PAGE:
6. Moving & Travel Expenses for Military Personnel
When the Tax Cuts and Jobs Act was signed in 2017, many taxpayers lost the ability to deduct moving expenses on their tax returns. But this deduction is still available for active-duty military personnel. If you or your spouse were an active-duty military member who relocated in 2022 and you did not receive a reimbursement from the government for your move, you will be able to deduct move-related expenses including the cost of travel, lodging, moving supplies, services, and shipping.
What’s more, military reservists and National Guard members are also able to deduct the cost of work-related travel as long as the travel is overnight and more than 100 miles away from home.
Don’t Miss Out on Important Tax Deductions & Credits
Small business owners can have complicated tax returns, which means these six common deductions may be the tip of the iceberg. To go over additional tax deductions in more detail and discuss your big-picture tax strategy, book a consultation with me here or email me at email@example.com.
This information is not intended to be a substitute for individualized tax advice. Personalized tax issues should be discussed with a qualified tax advisor.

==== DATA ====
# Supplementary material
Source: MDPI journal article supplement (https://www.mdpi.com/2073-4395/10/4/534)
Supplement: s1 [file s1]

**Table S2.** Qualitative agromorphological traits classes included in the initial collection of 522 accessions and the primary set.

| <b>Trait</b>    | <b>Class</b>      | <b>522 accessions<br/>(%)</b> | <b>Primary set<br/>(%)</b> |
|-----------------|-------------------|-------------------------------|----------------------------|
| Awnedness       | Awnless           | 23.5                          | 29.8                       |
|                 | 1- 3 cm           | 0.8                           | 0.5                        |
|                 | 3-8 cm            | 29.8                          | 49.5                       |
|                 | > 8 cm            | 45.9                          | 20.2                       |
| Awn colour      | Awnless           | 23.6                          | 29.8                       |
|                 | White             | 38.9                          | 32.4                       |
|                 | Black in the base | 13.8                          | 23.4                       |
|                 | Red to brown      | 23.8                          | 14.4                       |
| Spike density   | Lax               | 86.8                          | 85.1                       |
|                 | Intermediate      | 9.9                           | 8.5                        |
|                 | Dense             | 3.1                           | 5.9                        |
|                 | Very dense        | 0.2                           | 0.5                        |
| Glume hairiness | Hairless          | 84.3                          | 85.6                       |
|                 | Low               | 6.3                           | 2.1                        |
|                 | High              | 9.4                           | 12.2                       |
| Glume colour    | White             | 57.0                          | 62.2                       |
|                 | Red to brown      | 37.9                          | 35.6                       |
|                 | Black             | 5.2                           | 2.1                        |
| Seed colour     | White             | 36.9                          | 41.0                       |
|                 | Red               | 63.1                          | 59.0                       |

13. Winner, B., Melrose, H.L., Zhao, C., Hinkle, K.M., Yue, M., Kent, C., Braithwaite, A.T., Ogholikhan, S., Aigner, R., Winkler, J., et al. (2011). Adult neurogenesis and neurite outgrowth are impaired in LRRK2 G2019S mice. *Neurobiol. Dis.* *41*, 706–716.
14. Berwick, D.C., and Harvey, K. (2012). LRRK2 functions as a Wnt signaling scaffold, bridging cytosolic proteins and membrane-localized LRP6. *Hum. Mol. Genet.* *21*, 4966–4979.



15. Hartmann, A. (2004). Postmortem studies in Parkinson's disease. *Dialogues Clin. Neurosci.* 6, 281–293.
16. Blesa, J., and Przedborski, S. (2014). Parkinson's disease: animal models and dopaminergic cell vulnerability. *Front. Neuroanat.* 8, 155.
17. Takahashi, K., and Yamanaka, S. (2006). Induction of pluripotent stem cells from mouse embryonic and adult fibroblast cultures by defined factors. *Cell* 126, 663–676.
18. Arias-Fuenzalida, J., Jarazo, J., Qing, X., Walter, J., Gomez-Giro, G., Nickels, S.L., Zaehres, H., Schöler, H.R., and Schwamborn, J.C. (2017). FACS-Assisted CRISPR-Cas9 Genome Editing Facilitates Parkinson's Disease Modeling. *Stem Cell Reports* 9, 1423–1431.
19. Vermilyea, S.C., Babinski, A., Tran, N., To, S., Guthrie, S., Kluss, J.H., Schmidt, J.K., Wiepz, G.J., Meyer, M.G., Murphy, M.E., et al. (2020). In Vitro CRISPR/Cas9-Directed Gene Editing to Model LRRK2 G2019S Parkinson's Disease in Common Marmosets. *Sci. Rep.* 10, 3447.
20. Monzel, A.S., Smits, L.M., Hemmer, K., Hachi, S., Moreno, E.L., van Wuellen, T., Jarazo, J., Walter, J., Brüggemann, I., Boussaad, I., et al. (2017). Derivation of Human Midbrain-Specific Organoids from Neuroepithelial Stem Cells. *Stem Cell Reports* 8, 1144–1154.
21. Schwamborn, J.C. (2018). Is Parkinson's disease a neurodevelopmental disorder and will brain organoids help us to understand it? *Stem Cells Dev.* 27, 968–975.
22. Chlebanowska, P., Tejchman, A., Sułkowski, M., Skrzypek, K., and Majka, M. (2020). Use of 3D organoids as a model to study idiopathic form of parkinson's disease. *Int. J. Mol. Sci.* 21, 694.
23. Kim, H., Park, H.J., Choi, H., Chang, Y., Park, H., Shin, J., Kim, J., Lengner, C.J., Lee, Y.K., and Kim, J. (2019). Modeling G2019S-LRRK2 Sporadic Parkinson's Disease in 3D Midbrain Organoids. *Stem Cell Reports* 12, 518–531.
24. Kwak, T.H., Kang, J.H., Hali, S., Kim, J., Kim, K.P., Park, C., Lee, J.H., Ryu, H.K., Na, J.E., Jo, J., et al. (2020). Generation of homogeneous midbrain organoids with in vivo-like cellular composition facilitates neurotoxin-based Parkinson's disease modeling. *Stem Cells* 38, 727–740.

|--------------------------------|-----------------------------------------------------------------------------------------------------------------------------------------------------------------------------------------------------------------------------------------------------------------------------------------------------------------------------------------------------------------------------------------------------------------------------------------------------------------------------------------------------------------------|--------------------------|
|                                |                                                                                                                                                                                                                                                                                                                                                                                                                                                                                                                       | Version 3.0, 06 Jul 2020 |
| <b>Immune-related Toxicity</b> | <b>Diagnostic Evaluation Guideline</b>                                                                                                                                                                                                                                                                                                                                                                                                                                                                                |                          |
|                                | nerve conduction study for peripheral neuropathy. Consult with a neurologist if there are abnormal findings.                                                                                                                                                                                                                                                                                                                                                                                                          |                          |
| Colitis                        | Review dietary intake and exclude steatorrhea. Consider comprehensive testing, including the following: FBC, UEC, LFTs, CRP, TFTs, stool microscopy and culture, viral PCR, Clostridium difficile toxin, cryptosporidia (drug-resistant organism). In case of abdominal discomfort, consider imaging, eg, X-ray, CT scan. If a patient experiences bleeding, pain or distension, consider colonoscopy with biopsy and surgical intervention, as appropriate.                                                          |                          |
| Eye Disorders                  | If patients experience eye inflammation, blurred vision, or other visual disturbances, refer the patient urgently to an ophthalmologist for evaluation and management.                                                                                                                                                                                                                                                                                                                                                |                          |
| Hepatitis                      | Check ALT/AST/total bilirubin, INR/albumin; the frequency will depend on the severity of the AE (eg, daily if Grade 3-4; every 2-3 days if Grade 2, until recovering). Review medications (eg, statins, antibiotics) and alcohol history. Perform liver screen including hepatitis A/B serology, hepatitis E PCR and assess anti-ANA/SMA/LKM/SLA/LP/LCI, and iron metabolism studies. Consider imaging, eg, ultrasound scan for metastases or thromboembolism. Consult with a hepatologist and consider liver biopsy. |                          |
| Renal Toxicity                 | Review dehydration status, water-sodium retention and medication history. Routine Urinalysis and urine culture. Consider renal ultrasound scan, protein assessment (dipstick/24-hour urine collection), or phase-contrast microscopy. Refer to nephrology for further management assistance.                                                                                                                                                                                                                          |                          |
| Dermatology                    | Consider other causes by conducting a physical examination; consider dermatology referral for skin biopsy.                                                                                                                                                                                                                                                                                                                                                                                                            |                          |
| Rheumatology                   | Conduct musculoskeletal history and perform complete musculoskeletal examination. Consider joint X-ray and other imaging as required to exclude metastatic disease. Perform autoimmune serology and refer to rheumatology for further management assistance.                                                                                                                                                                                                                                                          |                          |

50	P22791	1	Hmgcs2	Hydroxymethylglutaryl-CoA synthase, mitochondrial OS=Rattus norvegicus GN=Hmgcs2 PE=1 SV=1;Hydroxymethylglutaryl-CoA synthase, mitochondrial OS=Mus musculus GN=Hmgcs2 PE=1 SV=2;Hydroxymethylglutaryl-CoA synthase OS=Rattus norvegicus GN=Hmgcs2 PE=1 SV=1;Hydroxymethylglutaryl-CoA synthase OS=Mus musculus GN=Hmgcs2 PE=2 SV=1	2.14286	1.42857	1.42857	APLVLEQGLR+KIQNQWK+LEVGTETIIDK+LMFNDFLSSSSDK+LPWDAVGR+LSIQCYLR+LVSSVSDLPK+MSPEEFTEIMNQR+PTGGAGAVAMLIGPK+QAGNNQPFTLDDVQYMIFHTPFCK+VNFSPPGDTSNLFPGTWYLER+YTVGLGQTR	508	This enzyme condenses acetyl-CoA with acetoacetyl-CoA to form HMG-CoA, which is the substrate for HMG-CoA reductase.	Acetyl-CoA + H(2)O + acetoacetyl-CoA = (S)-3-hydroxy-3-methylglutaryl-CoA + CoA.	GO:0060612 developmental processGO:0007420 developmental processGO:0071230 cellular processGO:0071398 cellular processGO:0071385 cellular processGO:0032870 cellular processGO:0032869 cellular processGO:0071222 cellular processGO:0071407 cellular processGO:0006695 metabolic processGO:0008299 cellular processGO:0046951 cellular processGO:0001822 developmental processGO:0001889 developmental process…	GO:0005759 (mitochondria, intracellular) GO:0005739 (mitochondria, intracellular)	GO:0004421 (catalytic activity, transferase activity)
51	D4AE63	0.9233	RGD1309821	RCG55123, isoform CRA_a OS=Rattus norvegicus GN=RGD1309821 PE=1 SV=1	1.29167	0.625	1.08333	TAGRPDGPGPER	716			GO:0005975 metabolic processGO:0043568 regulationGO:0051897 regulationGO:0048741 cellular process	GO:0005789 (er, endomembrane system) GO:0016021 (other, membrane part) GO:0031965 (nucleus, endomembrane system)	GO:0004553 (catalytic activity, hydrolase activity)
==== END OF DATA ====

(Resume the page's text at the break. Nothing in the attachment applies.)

Trent Derrick is a financial advisor and Chief Market Technician at Legacy Wealth Management. Trent is passionate about the value small businesses bring to their communities and specializes in serving small business owners by providing seamless financial advisory services tailored to their financial needs, including tax planning, cash flow management, retirement planning, and bookkeeping. Trent has a bachelor’s degree from the College of Charleston and studied economics at the University of South Carolina, Columbia. He is a Chartered Market Technician® (CMT®) professional. Trent serves as a guest lecturer for the College of Charleston’s MBA program and acts as chairman of the Market Technician Association’s Charleston chapter. When he’s not working, Trent, a proud Eagle Scout, enjoys volunteering with the Charleston Animal Shelter’s outreach program. Trent and his wife love to cook international cuisines and host dinner parties with their friends. To learn more about Trent, connect with him on LinkedIn.